Looking down at this wide marble "porch" it was

easy to imagine sumptuous parties filling the

immense, breezy, open-air room.  A huge marble

dining table stands to one side, backed by yet

more columns and an expansive mural.

All the bedrooms are upstairs, and each one has

windows onto this porch that could be left open to

the fresh air or closed during bad weather.  At

one time the bedroom ceilings were lined with

ornate mirrors, and the walls were covered with

painted murals and more mirrors.

This design gives each bedroom either privacy or

an open window to the lovely columned sea-

breeze room below.  Now, however, groups of

bats hang from the ceilings in the corners of every

bedroom, bathroom

and closet in the

house.  As we

entered each room

we heard a flurry of

bat wings as they

woke up and flew

off.  Bat guano

covered every floor

and smelled terrible.  At first all of Durazo's furnishing were

sold, but now it seems the building was eventually stripped

by looters.  Toilets are gone, leaving gaping holes in the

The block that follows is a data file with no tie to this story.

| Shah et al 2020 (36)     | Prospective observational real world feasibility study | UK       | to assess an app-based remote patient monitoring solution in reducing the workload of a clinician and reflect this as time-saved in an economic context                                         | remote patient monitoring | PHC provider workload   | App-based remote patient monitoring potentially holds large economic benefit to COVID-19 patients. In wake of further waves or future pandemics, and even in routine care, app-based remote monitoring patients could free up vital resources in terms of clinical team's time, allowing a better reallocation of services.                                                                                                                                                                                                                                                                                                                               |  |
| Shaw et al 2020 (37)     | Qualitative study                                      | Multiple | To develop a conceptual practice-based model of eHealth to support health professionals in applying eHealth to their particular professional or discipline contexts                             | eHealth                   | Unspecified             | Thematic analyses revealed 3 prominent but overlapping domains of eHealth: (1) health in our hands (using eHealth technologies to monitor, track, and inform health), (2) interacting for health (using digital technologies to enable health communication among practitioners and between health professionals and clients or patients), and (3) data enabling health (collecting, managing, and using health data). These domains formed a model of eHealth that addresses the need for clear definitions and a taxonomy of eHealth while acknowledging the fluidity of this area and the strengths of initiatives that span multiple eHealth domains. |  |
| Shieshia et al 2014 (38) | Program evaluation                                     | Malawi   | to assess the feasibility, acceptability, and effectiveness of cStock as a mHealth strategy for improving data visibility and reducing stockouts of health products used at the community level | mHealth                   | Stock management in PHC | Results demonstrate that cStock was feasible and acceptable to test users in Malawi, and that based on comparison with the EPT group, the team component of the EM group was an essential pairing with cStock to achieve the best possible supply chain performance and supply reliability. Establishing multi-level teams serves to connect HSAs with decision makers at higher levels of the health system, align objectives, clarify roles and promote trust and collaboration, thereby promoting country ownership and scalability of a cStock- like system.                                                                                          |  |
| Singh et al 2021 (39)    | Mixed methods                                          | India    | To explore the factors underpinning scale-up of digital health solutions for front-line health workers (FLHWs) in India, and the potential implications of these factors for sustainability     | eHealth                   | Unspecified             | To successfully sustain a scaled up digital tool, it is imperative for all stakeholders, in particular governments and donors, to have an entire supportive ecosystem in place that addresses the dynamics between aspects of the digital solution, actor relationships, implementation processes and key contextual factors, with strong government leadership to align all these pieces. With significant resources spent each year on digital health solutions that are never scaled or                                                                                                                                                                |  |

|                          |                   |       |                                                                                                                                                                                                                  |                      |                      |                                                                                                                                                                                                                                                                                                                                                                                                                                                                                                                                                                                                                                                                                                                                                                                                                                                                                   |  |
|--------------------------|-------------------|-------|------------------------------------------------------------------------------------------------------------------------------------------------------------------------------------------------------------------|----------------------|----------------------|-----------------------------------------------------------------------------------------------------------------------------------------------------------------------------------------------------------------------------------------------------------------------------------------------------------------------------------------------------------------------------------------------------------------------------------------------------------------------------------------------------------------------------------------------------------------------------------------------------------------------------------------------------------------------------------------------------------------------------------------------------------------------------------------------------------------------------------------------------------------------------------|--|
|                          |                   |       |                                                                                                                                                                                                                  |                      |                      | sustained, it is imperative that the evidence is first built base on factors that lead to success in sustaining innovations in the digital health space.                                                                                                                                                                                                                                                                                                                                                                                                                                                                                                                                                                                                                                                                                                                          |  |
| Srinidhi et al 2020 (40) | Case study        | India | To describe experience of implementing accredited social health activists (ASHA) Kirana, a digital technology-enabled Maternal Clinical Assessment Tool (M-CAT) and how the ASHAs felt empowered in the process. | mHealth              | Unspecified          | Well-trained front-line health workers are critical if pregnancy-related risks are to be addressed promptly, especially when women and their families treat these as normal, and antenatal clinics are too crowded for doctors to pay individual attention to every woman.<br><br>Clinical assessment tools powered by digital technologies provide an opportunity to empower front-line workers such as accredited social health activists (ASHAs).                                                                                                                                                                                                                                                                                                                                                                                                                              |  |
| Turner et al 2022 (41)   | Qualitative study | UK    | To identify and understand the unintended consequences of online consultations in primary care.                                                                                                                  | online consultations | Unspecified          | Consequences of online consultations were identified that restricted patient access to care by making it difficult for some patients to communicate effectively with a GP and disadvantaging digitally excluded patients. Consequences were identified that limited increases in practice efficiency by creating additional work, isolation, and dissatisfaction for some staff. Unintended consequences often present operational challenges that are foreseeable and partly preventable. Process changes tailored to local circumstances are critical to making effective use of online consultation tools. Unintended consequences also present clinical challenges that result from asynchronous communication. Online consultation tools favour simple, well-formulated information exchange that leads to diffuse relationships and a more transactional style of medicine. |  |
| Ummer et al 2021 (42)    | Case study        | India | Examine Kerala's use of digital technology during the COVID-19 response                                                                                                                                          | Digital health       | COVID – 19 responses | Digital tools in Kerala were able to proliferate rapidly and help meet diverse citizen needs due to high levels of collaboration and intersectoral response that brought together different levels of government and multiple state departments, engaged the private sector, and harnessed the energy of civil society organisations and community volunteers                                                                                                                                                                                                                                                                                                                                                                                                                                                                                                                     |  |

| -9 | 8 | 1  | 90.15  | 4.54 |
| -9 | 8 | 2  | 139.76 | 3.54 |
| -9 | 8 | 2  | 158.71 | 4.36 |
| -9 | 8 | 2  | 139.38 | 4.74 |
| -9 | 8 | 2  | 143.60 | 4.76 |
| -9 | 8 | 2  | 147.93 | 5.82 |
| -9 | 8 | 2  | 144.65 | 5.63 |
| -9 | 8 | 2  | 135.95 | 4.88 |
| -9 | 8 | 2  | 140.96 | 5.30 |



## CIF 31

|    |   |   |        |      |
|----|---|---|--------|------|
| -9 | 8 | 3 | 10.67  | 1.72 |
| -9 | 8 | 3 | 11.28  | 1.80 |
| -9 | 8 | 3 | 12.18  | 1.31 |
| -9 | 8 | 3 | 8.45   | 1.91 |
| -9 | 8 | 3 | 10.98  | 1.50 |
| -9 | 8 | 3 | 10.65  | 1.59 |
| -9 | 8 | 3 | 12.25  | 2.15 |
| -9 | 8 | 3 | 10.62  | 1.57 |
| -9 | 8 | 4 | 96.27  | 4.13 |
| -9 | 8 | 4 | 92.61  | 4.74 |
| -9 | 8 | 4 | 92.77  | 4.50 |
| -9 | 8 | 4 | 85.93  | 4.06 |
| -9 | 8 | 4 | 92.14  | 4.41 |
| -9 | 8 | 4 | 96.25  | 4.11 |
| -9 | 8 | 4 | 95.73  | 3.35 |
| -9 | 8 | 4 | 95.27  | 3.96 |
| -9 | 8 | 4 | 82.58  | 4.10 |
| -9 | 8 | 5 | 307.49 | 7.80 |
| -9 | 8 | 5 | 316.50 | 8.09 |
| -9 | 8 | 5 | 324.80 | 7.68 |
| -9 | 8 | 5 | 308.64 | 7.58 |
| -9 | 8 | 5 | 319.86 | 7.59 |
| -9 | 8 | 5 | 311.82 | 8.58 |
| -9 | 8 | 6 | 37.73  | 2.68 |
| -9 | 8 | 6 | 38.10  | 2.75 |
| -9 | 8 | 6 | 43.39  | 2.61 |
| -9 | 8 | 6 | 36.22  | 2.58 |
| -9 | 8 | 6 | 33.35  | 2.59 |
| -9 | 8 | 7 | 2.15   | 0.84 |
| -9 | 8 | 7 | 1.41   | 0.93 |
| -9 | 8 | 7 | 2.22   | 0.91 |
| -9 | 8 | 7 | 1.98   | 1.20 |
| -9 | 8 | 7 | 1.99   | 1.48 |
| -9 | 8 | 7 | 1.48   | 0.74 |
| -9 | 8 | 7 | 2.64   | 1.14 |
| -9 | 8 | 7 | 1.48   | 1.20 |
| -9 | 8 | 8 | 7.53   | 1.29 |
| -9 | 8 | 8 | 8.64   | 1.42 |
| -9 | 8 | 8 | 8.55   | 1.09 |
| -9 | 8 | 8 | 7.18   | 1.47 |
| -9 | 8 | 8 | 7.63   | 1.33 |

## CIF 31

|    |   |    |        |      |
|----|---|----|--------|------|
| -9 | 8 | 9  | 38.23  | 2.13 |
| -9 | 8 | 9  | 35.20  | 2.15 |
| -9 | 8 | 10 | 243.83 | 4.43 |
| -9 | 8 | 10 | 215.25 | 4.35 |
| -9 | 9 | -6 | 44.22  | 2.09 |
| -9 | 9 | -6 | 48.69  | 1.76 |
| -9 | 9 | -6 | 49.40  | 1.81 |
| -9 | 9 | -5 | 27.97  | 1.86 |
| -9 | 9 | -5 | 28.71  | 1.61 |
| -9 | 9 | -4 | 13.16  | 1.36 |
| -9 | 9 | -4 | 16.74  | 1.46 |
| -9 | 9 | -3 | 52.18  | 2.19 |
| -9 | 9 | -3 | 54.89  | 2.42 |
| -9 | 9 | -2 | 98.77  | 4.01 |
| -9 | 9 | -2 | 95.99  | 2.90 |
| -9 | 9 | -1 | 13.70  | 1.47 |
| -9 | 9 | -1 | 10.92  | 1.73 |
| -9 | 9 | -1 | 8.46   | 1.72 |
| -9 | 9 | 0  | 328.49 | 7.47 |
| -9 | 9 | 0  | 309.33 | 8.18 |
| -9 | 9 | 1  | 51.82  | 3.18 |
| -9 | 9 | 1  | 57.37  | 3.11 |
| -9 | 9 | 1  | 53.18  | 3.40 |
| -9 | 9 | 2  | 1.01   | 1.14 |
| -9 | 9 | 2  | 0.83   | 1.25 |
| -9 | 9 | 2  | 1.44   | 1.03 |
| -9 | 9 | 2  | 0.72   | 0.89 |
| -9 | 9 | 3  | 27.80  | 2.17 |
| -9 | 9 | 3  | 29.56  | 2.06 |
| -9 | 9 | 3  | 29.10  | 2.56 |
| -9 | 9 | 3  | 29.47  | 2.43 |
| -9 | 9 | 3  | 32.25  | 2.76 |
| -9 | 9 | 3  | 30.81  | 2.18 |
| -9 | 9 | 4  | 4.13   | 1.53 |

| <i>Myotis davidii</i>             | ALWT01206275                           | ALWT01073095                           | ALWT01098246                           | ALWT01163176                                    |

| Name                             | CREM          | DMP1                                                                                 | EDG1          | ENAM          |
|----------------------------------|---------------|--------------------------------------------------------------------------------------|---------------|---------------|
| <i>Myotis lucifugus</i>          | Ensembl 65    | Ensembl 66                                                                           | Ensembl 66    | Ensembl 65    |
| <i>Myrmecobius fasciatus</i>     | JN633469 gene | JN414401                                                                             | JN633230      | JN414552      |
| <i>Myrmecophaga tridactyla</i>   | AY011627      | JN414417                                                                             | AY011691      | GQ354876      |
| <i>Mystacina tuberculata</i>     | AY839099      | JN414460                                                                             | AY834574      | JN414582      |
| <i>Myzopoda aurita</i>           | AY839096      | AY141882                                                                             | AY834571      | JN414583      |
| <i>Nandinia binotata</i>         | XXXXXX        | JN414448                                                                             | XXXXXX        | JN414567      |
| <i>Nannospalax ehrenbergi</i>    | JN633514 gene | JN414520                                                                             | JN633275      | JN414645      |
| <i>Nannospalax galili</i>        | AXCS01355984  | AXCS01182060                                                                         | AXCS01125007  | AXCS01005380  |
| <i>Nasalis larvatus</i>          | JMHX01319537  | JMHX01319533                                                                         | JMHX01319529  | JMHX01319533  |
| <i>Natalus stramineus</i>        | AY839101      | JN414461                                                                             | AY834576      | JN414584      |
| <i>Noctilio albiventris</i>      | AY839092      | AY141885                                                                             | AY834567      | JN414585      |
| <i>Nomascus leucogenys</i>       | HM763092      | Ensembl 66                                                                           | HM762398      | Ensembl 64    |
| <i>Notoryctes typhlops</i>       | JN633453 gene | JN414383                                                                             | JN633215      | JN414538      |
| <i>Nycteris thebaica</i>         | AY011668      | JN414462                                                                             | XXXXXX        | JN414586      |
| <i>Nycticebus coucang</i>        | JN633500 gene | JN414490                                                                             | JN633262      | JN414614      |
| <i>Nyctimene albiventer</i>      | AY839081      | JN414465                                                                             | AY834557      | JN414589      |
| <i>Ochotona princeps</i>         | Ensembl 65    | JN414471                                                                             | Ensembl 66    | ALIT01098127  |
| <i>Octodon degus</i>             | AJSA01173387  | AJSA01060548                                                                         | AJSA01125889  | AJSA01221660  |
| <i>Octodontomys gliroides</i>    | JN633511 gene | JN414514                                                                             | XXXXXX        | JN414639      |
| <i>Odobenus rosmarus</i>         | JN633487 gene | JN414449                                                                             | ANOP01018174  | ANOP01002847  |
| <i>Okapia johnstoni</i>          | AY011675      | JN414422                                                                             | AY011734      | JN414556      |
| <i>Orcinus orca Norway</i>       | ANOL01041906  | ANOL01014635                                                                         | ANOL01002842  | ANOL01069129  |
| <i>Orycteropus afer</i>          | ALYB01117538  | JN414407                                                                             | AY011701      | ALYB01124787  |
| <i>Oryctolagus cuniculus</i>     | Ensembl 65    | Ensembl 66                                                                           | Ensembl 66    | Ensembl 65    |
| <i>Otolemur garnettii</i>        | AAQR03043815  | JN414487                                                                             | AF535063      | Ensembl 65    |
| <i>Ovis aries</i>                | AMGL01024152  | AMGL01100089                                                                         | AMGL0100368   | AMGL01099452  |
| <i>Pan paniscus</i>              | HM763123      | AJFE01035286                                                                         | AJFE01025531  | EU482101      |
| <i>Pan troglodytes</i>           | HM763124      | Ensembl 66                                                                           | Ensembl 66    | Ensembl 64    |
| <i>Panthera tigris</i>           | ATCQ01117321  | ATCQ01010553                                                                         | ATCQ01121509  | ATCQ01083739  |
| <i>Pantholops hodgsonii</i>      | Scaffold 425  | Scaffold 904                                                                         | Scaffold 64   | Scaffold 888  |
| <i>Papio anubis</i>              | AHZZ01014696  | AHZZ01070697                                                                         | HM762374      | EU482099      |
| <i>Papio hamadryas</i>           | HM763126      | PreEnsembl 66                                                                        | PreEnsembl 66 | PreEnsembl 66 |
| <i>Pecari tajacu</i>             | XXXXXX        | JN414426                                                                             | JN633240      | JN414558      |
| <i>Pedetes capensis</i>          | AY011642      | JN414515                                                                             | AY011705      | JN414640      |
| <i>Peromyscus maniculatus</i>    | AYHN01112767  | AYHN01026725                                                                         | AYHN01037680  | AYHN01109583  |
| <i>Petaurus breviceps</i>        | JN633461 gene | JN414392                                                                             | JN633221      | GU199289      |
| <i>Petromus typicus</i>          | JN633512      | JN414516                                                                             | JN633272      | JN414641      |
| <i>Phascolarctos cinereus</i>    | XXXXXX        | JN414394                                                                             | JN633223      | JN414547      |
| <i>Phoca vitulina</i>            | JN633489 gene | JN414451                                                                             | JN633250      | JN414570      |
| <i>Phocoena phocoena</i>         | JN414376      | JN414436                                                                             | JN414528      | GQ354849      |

floors.  Electrical outlets are missing, chandeliers have

disappeared, and all that remains in the kitchen is some

broken wooden lower cabinets.  Anything that could be pried

off, detached, unscrewed or removed has been taken.

Back downstairs a large marble topped bar is tucked up against the shelf-

lined, once elegant library.

You have to use your imagination a bit to picture what

life might have been like here during Durazo's reign.

From 1976 to 1982 Durazo held his police chief post

and built his empire of corruption.  He extorted money

at every turn and lived a lavish lifestyle.  However, upon

the arrival of a new presidential administration whose

campaign theme was Moral Renewal, Durazo fled.

An international manhunt ensued, and after charging him

in absentia with racketeering, Mexican and US authorities

tracked him down to Costa Rica in 1984 and brought him

back to trial in Mexico.  Long referred to as "El Negro" or

"The Black One," Durazo was sentenced to a long prison

term (I've seen it reported as 11, 16 and 25 years) on

charges ranging from corruption to extortion, tax evasion,

smuggling, drug kickbacks and possession of illegal